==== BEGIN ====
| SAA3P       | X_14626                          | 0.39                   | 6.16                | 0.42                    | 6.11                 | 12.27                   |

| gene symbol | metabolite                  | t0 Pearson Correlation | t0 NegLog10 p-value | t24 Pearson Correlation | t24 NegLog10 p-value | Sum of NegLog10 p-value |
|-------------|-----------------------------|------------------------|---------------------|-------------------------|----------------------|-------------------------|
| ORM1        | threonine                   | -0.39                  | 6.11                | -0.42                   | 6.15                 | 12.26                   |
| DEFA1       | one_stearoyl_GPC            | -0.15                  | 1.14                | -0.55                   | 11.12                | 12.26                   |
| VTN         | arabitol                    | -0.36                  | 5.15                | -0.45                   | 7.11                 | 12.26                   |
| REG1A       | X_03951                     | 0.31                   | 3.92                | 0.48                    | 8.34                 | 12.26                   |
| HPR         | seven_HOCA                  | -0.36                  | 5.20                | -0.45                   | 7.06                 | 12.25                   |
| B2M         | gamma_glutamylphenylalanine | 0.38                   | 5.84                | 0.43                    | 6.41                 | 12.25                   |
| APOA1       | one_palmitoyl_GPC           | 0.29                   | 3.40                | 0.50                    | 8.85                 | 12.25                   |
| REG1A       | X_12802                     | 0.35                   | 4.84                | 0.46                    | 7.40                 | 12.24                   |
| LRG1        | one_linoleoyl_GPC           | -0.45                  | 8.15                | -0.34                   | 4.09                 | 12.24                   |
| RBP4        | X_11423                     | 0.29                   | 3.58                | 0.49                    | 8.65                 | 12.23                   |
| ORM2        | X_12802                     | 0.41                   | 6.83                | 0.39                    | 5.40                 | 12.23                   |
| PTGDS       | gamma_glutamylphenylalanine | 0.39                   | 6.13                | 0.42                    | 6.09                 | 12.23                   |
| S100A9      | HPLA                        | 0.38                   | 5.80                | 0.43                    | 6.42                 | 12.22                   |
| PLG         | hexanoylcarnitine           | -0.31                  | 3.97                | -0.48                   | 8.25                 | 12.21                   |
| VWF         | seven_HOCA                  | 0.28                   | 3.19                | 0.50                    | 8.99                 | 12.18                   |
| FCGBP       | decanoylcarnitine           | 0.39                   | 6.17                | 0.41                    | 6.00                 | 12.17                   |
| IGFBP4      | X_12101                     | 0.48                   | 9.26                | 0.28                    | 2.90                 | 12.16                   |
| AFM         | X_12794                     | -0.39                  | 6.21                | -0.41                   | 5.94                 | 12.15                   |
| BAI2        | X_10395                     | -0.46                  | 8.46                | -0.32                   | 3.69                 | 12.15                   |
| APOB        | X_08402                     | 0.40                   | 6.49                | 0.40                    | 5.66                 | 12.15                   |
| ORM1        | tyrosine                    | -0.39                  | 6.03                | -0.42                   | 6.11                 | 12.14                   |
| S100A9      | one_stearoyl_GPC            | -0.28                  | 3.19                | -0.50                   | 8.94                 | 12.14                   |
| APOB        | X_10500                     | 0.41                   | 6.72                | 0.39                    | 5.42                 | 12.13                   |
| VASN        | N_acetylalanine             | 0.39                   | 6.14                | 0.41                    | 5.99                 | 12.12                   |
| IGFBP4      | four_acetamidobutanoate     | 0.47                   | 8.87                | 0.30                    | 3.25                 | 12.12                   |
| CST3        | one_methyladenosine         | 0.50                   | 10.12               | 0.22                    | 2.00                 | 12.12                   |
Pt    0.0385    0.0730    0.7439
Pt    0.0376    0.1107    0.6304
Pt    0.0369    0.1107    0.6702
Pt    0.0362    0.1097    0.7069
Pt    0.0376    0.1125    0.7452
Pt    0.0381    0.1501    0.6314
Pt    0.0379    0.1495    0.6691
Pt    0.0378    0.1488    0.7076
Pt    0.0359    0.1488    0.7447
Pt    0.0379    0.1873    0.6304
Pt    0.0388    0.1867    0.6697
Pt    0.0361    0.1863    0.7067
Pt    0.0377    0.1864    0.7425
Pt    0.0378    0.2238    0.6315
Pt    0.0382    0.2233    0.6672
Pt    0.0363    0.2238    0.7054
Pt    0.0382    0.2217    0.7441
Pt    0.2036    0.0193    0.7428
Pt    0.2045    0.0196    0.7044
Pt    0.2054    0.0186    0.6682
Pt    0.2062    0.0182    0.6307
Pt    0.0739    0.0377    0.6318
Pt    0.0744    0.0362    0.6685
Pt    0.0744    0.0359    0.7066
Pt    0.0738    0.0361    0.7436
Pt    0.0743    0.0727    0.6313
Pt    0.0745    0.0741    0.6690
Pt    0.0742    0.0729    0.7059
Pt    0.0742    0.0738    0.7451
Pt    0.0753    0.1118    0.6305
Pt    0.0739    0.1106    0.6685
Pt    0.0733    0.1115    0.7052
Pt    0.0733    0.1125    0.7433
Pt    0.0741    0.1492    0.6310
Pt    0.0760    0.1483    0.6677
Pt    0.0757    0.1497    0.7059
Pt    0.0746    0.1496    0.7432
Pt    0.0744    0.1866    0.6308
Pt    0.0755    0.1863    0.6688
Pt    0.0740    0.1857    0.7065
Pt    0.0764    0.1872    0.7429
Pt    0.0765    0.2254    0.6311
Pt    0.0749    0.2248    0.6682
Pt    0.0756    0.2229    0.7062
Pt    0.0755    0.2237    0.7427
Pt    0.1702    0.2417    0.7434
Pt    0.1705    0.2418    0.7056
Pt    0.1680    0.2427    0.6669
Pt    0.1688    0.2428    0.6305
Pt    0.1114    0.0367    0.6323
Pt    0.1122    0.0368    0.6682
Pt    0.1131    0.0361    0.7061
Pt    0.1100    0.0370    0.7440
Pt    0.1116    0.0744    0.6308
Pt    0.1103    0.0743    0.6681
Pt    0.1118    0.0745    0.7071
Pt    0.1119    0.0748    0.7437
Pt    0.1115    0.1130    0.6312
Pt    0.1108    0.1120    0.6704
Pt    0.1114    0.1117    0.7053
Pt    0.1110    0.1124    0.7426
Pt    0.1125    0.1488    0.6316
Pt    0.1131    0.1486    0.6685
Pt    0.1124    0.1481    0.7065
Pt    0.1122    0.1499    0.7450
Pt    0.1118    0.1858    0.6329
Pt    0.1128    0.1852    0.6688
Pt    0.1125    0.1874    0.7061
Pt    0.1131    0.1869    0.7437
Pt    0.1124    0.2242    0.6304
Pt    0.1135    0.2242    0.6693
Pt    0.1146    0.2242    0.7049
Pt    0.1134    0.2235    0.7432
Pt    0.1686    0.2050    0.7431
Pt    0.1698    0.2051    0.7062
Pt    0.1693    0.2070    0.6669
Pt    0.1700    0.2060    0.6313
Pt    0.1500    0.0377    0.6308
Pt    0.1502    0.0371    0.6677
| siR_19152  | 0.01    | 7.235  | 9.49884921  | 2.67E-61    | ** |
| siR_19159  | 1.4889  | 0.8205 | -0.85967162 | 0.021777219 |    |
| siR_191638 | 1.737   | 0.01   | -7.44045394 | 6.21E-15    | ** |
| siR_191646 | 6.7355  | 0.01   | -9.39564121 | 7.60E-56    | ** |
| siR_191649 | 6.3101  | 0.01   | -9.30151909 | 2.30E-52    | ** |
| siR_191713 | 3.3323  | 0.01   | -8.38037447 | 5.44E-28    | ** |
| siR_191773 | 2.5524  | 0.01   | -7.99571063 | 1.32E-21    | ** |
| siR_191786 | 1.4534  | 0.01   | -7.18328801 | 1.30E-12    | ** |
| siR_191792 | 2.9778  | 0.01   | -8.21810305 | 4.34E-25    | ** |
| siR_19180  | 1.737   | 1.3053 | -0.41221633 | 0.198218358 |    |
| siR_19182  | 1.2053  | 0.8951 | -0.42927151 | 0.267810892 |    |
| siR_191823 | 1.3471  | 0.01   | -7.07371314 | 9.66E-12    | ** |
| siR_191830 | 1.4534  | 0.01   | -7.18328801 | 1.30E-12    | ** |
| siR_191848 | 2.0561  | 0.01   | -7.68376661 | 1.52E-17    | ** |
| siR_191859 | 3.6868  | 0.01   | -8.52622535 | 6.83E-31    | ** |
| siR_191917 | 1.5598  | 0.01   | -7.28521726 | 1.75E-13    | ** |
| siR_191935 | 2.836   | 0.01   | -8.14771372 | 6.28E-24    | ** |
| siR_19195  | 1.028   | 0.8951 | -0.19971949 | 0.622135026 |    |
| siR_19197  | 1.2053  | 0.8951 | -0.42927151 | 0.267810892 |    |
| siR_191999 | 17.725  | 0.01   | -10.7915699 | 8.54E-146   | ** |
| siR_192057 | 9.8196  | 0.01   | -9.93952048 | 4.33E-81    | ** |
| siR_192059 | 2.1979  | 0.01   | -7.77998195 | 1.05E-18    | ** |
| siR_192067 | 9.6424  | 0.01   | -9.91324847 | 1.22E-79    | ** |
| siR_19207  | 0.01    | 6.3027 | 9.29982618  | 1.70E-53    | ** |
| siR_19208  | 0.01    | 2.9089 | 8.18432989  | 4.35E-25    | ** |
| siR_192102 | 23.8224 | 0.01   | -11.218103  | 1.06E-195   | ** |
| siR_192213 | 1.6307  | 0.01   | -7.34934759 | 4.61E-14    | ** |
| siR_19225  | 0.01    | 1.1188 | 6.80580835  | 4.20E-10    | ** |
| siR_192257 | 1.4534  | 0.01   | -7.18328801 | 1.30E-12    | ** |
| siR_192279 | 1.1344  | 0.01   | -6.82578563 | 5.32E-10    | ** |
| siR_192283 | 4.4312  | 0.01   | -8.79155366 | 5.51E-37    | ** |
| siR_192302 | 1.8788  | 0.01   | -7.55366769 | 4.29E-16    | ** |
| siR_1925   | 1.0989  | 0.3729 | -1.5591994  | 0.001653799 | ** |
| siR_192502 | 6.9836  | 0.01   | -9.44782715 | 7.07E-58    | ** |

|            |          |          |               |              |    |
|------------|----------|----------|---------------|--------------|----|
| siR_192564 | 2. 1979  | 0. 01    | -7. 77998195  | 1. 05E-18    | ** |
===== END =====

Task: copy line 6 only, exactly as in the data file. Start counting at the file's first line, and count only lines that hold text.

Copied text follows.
| VTN         | arabitol                    | -0.36                  | 5.15                | -0.45                   | 7.11                 | 12.26                   |